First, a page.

Alia McKee (Sea Change Strategies) also offered some great suggestions for giving prospects and donors something of value in exchange for their email address. Her ideas included inexpensive printed premiums like bumper stickers and decals, as well as digital premiums like songs or wallpaper. (I’ve recently come across another great example: the Cornell Lab of Ornithology shares its amazing bird-identifying app “Merlin” in exchange for your email address.) Gated content can also be really effective. Alia shared the Environmental Working Group’s example: it has offered lists of the “most effective skin care products” and “best sunscreens.” These are all examples of things donors really care about, and bring the donor closer to the organization through their daily use.

The inimitable Tom Gaffny (Tom Gaffny Consulting) showed a variety of envelopes that were brilliant in their authenticity. Some were hand-addressed, but used off-center formatting or additional hand-markings (like lines and boxes) to approximate what we REALLY do when we hand-address envelopes to friends. As he said, “Stop worrying about style points with your OE. Look at the handwritten mail you receive, then emulate. Cards from mom work great!”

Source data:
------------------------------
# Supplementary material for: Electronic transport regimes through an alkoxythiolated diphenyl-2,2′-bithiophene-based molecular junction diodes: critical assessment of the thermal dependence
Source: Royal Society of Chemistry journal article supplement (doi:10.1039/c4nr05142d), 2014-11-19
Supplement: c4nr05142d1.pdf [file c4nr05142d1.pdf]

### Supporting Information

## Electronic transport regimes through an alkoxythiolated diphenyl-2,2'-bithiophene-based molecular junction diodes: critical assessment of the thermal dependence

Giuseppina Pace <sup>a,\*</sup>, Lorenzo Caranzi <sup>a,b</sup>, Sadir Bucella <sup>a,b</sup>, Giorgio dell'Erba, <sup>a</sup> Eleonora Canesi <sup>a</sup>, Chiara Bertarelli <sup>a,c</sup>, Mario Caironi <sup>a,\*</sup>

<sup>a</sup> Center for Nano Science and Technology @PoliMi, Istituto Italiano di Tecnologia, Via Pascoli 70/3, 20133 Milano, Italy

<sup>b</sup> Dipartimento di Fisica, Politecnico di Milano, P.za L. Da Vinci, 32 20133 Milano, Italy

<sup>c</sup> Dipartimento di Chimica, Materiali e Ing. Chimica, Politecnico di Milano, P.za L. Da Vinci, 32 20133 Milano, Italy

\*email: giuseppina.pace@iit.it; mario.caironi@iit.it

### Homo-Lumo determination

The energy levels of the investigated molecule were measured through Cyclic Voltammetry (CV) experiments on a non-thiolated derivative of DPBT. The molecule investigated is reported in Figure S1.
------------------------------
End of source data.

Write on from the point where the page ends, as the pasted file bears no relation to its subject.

In “Mythbusters: Direct Response Edition!” (which — full disclosure — I moderated), the panelists gave the straight scoop on what works in fundraising. Jann Schulz (Project Hope) debunked the myth that too much mail will drive donors away. As she said, the more you connect with your donors, the more money you will raise. People are less likely to complain IF they receive communication that thanks them, shows the impact of their gifts, and validates their decision to support your organization. At Project Hope, one of her first steps was to create a Donor Service Call Center, moving complaint calls away from administrative staff (who were likely to simply mark donors “Do Not Mail”) to trained representatives who were experts in cultivating and stewarding donors. The reps could turn a complaining donor into a donor who felt responded to, and felt even closer to the organization after the phone call. Retention rose as a result.